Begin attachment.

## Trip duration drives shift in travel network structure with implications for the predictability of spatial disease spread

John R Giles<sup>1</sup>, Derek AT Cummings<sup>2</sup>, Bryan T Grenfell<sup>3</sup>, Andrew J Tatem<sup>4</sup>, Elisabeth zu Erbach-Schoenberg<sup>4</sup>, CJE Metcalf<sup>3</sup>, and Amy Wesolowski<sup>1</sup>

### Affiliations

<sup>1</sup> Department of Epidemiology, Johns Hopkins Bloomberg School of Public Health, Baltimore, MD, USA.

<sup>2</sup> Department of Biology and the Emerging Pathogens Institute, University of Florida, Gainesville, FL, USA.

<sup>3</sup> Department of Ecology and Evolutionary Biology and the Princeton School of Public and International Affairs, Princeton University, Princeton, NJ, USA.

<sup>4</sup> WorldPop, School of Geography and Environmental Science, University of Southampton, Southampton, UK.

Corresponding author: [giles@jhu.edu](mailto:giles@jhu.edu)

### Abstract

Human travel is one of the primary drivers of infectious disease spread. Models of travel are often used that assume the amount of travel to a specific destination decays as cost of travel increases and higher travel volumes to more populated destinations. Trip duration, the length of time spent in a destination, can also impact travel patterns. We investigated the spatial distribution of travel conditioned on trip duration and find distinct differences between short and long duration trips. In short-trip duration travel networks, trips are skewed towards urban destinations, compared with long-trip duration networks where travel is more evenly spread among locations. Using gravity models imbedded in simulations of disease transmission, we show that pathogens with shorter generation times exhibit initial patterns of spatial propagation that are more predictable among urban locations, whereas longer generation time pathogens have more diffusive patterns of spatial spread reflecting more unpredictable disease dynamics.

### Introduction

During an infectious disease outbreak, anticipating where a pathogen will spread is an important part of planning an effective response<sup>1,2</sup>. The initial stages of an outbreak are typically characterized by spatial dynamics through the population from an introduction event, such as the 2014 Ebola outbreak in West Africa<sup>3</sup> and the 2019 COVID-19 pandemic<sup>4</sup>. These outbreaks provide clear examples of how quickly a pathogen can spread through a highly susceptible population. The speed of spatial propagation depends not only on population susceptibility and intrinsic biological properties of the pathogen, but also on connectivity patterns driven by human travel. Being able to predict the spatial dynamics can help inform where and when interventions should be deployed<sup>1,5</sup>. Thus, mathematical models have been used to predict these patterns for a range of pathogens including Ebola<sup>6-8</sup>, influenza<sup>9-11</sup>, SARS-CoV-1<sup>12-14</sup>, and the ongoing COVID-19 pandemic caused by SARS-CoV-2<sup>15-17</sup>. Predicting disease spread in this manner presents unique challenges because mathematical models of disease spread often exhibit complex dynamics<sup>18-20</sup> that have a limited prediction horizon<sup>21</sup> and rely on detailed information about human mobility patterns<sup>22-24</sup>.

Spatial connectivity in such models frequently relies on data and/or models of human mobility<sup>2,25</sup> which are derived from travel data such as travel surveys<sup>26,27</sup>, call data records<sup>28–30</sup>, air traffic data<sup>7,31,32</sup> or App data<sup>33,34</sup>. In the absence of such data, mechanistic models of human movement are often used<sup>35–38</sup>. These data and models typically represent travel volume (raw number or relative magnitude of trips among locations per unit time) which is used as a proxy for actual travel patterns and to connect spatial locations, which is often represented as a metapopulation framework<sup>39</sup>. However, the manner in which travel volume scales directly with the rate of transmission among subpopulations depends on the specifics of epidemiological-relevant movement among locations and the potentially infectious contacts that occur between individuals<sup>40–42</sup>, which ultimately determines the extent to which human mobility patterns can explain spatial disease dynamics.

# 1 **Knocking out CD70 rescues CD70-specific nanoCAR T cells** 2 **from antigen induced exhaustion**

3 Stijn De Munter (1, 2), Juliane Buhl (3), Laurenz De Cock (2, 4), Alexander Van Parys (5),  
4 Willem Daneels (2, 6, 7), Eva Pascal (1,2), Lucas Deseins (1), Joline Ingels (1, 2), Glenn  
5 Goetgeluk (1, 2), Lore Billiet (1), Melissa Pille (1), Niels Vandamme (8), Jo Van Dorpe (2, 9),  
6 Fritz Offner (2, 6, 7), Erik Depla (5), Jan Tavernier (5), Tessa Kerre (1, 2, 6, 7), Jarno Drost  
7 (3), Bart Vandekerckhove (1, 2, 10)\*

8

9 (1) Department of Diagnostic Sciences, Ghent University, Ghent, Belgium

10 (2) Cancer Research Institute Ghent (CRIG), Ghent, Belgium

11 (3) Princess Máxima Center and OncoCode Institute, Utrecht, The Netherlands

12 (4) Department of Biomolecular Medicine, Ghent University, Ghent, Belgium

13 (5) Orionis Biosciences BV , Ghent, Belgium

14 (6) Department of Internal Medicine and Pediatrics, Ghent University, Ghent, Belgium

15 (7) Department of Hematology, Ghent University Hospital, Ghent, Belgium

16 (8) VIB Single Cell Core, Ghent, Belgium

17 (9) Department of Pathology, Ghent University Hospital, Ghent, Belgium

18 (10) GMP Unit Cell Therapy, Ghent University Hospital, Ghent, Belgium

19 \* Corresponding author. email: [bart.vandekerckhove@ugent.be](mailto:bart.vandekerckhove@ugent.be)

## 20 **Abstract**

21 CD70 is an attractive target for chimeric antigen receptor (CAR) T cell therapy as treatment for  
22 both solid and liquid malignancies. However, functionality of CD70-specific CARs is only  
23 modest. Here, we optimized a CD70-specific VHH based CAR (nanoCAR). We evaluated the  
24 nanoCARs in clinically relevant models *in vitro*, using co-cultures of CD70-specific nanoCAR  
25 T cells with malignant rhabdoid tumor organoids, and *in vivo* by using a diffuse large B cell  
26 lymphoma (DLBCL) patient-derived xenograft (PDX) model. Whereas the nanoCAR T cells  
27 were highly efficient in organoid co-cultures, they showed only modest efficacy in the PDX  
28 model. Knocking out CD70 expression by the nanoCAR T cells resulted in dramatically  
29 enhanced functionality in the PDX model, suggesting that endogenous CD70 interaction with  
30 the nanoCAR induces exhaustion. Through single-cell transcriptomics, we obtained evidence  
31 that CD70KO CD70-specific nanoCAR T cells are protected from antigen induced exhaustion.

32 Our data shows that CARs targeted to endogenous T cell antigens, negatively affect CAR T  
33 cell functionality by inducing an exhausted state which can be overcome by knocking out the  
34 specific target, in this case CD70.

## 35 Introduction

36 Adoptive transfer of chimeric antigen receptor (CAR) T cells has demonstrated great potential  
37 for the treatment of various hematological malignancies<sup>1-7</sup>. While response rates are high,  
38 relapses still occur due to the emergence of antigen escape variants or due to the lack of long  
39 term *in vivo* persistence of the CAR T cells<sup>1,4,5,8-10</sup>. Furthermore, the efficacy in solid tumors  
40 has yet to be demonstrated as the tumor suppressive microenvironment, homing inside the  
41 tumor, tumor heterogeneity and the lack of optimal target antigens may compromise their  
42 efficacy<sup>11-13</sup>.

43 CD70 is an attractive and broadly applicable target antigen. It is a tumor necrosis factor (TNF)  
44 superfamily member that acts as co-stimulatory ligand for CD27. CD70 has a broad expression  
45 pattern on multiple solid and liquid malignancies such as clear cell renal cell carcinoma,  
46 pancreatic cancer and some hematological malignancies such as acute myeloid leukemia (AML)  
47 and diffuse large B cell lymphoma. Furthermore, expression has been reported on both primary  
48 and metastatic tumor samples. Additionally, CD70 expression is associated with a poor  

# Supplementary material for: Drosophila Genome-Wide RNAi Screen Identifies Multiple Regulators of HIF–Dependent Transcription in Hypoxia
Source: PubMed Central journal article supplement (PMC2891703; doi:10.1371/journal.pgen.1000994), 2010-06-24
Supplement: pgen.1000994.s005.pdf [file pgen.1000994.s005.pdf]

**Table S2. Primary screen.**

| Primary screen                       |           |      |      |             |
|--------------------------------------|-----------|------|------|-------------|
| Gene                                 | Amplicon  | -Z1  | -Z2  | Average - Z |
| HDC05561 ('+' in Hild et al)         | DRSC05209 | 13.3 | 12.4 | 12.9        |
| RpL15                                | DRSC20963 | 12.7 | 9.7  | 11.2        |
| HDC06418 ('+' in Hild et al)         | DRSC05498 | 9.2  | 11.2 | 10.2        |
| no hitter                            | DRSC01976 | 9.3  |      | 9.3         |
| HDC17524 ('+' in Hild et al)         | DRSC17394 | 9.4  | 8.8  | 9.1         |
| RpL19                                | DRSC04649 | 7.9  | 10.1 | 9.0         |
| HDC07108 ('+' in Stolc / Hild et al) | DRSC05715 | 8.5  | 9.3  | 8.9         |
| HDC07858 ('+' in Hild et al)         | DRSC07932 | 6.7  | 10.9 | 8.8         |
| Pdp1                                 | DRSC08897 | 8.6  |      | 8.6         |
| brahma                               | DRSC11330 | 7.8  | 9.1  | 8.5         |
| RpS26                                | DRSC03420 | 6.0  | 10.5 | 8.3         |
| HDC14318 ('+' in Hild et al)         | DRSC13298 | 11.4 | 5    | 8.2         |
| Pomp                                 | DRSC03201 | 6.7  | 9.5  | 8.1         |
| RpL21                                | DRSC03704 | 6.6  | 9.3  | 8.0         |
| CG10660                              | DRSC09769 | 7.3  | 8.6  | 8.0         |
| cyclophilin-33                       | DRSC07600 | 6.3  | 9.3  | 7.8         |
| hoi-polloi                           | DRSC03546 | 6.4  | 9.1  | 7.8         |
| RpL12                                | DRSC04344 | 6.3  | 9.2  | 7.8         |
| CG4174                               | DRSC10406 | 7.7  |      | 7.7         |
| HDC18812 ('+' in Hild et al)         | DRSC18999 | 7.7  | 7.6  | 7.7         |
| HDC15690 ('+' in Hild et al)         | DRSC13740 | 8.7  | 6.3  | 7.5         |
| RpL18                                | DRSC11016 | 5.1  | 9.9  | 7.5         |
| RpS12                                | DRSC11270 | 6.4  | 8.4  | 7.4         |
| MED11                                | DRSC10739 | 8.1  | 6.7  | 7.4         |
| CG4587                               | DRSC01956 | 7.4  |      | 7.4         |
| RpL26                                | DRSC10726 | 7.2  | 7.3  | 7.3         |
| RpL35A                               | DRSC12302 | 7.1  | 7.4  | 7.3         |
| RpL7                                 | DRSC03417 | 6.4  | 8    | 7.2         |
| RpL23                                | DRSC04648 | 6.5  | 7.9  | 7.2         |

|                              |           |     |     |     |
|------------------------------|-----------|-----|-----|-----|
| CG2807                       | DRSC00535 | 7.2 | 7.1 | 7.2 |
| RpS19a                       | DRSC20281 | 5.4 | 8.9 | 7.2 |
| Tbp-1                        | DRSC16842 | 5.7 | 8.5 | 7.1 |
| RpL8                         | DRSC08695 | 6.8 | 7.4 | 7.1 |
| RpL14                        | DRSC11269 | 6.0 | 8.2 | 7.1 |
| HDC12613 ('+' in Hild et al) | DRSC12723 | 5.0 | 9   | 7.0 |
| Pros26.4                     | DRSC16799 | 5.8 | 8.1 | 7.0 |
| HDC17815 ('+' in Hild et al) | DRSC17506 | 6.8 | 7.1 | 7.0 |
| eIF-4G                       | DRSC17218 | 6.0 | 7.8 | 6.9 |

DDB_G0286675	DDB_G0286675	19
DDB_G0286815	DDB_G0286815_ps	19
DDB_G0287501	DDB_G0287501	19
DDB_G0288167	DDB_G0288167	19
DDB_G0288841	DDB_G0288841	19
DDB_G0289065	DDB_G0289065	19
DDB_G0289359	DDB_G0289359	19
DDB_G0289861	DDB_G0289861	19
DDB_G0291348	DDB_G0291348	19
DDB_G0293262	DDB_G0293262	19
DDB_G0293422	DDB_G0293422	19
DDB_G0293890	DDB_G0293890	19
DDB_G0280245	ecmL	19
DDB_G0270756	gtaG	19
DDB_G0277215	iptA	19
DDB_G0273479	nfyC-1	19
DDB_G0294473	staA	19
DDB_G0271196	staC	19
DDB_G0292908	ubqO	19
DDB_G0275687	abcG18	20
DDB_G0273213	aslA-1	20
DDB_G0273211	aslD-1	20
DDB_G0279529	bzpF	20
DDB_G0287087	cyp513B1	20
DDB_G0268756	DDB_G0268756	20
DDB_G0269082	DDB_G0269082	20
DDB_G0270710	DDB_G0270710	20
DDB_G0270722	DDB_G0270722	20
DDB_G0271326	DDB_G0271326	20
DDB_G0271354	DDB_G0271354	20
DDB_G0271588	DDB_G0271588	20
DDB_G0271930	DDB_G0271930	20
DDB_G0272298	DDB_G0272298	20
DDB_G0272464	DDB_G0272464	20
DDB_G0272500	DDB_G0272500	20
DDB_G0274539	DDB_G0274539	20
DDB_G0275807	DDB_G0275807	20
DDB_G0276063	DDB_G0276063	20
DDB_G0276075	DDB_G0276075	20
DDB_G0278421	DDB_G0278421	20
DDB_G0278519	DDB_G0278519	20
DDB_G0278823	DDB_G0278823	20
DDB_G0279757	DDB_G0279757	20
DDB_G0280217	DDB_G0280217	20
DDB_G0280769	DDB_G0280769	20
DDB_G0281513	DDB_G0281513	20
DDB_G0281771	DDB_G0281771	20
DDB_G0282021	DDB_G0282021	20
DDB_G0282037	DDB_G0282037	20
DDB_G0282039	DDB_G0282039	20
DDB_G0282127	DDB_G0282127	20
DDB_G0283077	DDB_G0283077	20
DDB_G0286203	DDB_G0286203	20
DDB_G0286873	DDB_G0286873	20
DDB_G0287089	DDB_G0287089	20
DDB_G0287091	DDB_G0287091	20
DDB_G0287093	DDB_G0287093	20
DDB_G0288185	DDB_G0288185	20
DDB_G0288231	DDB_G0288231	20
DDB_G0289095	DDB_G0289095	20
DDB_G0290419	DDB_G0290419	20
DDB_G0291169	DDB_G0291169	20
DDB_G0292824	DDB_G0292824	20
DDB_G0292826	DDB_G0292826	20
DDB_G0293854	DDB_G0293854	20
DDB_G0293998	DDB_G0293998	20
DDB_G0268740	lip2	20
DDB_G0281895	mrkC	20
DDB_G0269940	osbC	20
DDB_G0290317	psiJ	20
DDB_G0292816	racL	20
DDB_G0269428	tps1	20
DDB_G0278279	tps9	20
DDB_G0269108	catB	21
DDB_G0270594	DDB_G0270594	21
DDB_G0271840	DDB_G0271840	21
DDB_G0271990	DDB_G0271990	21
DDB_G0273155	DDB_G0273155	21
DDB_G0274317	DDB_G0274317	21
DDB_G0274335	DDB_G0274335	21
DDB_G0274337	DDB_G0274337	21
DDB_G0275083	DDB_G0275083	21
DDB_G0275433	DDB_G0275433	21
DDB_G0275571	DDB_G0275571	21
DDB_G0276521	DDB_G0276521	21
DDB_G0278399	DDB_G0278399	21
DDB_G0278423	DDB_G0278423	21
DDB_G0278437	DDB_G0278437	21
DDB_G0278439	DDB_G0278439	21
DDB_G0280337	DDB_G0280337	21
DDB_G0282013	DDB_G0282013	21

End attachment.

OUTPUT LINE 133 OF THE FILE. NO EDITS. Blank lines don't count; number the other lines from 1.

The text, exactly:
DDB_G0269082	DDB_G0269082	20